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Topics Course Descriptions

Fall 2014

HSTS 4230: The Holocaust: History, Historiography, and Historians
TR 12:30-1:45 pm
Dr. Bruce DeHart

HSTS 4230 offers a multi-faceted examination of the background, course, and consequences of Nazi Germany's murderous assault against Europe's Jews and other victim groups, including mentally and physically handicapped Germans, European Roma and Sinti (Gypsies), Jehovah's Witnesses, Homosexuals, Soviet P.O.W.s, and Afro-Germans, from 1933 to 1945. Additionally, HSTS 4230 introduces students to the most significant controversies and debates in the historiography of the Holocaust and to those scholars most responsible for our knowledge and understanding of what was arguably the greatest crime in global history. Students should be aware that HSTS 4230 has heavy reading and writing responsibilities and that the course is intense and covers much uncomfortable and disturbing content.

Summer 2014

HSTS 4380: Eva Perón and the Argentine People
MR 5:00-9:00 pm 
Dr. Jeff Lucas

HSTS 4380 traces 20th-century Argentine history, with particular focus on Eva Duarte Perón, wife of President Juan Perón.  The course examines the mythology, iconography, and social magnetism associated with and radiating from this charismatic personality.  It also considers the political culture surrounding the Argentine people's unyielding adoration of Eva Perón during her time as First Lady, and the apotheosis that her persona underwent following her death in 1952.  Moreover, the course challenges students to consider this question: To what degree has the cult-like reverence for Evita Perón been responsible for peronismo—an all-inclusive political talisman which moderătes, leftists, and ultraconservatives continue to appropriāte in the early 21st century?

Spring 2014

HSTS 4330: The Civil War at 150: Memory, Commemorations, & Mythologies
MWF 12:20-1:10 pm 
Dr. Jaime Martinez

This course is designed to provide students with an introduction to the many ways Americans have remembered and interpreted the Civil War over the last 150 years, as well as the opportunity to explore more deeply one selected element of Civil War memory. Through a series of discussions, research assignments, readings, and occasionally lectures, we will explore the development of Civil War memory both over time and across a wide variety of genres and sites of commemoration. This class is structured as a research-intensive seminar, which means that student contributions—both your comments on assigned texts and materials and the items you will locate independently and share with the class—form the backbone of our daily interactions. Be prepared to play an active role!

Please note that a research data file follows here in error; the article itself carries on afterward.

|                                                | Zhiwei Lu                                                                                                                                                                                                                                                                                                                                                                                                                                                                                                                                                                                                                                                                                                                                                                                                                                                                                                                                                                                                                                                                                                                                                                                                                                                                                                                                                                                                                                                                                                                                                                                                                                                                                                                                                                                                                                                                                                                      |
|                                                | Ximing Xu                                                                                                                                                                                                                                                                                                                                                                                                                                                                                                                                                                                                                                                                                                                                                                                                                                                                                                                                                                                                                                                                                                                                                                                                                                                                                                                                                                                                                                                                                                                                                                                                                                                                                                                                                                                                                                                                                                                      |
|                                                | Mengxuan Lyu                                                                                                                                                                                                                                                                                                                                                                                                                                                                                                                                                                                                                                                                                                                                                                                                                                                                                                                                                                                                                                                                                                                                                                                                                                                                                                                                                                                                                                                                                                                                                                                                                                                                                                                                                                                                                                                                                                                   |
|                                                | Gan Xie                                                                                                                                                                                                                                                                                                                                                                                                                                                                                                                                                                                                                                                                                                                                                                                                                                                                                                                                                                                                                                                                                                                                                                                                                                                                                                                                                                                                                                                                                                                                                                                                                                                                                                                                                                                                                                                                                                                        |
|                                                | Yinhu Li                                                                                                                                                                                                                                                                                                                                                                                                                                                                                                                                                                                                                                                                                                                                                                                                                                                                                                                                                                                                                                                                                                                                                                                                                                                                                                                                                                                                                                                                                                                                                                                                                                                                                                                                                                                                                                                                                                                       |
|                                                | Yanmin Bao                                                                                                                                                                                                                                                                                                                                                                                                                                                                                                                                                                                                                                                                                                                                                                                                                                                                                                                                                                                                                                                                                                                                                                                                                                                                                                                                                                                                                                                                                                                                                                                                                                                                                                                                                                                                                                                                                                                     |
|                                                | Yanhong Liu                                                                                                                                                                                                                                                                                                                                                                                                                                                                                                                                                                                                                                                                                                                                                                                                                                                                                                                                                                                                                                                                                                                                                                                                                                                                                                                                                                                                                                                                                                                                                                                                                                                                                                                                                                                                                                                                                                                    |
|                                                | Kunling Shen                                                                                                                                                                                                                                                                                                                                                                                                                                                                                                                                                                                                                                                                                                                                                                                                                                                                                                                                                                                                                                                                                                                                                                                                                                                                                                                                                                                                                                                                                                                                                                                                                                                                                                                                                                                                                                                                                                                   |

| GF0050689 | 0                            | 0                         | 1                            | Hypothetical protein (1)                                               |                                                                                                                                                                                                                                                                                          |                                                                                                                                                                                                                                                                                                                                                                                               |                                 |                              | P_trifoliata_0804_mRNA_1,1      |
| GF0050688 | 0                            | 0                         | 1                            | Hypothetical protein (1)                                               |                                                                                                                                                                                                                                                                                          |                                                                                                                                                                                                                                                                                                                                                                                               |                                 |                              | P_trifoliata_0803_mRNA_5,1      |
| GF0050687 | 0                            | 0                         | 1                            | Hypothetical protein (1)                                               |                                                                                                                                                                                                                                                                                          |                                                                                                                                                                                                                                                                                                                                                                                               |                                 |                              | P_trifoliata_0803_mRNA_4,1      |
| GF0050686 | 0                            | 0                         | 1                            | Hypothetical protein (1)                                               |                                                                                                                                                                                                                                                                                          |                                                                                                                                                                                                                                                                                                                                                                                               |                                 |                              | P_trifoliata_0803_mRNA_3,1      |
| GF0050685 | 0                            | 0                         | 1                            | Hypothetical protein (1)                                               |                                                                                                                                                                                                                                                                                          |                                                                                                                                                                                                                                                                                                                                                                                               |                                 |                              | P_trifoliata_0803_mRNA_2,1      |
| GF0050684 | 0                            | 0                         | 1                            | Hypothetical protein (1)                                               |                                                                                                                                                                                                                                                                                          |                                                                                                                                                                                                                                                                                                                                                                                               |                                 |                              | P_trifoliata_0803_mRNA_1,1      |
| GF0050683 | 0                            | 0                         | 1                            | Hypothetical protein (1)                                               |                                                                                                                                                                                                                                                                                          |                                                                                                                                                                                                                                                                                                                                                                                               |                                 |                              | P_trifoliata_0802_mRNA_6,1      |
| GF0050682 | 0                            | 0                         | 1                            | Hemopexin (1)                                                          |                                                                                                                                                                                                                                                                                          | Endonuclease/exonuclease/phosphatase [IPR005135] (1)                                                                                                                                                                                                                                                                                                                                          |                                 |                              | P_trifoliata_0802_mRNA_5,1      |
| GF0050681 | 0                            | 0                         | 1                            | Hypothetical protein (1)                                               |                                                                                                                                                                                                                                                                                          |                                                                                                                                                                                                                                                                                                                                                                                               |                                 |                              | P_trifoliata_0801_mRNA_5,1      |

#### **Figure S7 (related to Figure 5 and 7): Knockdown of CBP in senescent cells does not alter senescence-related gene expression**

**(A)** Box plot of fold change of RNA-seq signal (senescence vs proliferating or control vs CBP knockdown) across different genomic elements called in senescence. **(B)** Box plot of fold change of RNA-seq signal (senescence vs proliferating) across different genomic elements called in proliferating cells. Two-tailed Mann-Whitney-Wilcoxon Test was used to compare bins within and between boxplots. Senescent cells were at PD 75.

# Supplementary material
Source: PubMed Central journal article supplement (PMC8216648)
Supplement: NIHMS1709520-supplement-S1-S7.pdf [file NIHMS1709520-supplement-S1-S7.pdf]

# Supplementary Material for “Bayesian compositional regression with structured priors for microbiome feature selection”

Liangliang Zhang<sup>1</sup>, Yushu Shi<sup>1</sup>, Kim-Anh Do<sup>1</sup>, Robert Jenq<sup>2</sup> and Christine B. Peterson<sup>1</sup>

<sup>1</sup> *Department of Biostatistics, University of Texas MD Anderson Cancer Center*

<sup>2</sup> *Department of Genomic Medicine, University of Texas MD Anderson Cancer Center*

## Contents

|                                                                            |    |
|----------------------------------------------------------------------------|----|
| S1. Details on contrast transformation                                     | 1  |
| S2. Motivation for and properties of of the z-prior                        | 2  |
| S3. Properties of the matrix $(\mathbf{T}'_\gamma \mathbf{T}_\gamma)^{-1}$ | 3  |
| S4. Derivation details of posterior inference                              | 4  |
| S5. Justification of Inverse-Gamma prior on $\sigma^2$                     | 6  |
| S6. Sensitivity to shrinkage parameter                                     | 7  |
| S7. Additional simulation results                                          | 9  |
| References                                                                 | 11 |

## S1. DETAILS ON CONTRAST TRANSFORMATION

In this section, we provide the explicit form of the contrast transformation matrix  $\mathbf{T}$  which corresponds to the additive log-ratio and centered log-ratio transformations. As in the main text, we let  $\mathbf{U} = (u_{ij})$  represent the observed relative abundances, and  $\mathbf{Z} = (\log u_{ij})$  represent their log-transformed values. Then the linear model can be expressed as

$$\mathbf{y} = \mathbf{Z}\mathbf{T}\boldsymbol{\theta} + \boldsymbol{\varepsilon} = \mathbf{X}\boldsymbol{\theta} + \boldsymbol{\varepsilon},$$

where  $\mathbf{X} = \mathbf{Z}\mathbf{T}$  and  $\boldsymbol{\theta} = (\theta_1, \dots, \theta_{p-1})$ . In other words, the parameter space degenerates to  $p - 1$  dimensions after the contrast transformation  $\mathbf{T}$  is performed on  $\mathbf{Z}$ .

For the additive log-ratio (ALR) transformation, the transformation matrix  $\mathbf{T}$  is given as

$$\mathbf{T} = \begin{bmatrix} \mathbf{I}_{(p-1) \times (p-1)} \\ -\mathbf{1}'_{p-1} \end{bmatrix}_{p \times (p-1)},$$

This course will take place in a hybrid format: in most weeks, one of our three class meetings will happen via Blackboard rather than in a physical classroom. We will hold synchronous discussions on some days; on others, you will post video presentations or written summaries of your research activities by a mandated time, and discussions and comments will take place in an asynchronous fashion (usually within a 48-hour window). The course will also include a day-long trip on Friday, February 28 to view Civil War commemoration in action and speak with public history professionals (most likely, Bentonville Battlefield State Historic Site and the Fayetteville Arsenal site).

After a series of units in which we survey different commemorative activities over time, each student will select a single example of Civil War commemoration or interpretation to research more deeply, situating the subject in its proper historical and historiographic contexts. Students will give a 2-minute presentation about their selected topics on April 11, create a longer video presentation due April 25, and submit a final paper of 3000 words (10-12 pages) by May 7.

Fall 2013

HSTS 4210: Religion in America
W 5:00-8:00 PM
Dr. Scott Billingsley

This course is a chronological survey of the role of religion in American life from colonial times to the present. It will explore the theological, social, economic, and political aspects of American society. It will also provide students with an understanding of the basic facts and concepts of American religious history through the assigned readings, lectures, class discussion, and multi-media presentations. In-class exams will measure understanding of the aforementioned facts and concepts, and out-of-class writing assignments will help students develop critical-thinking skills.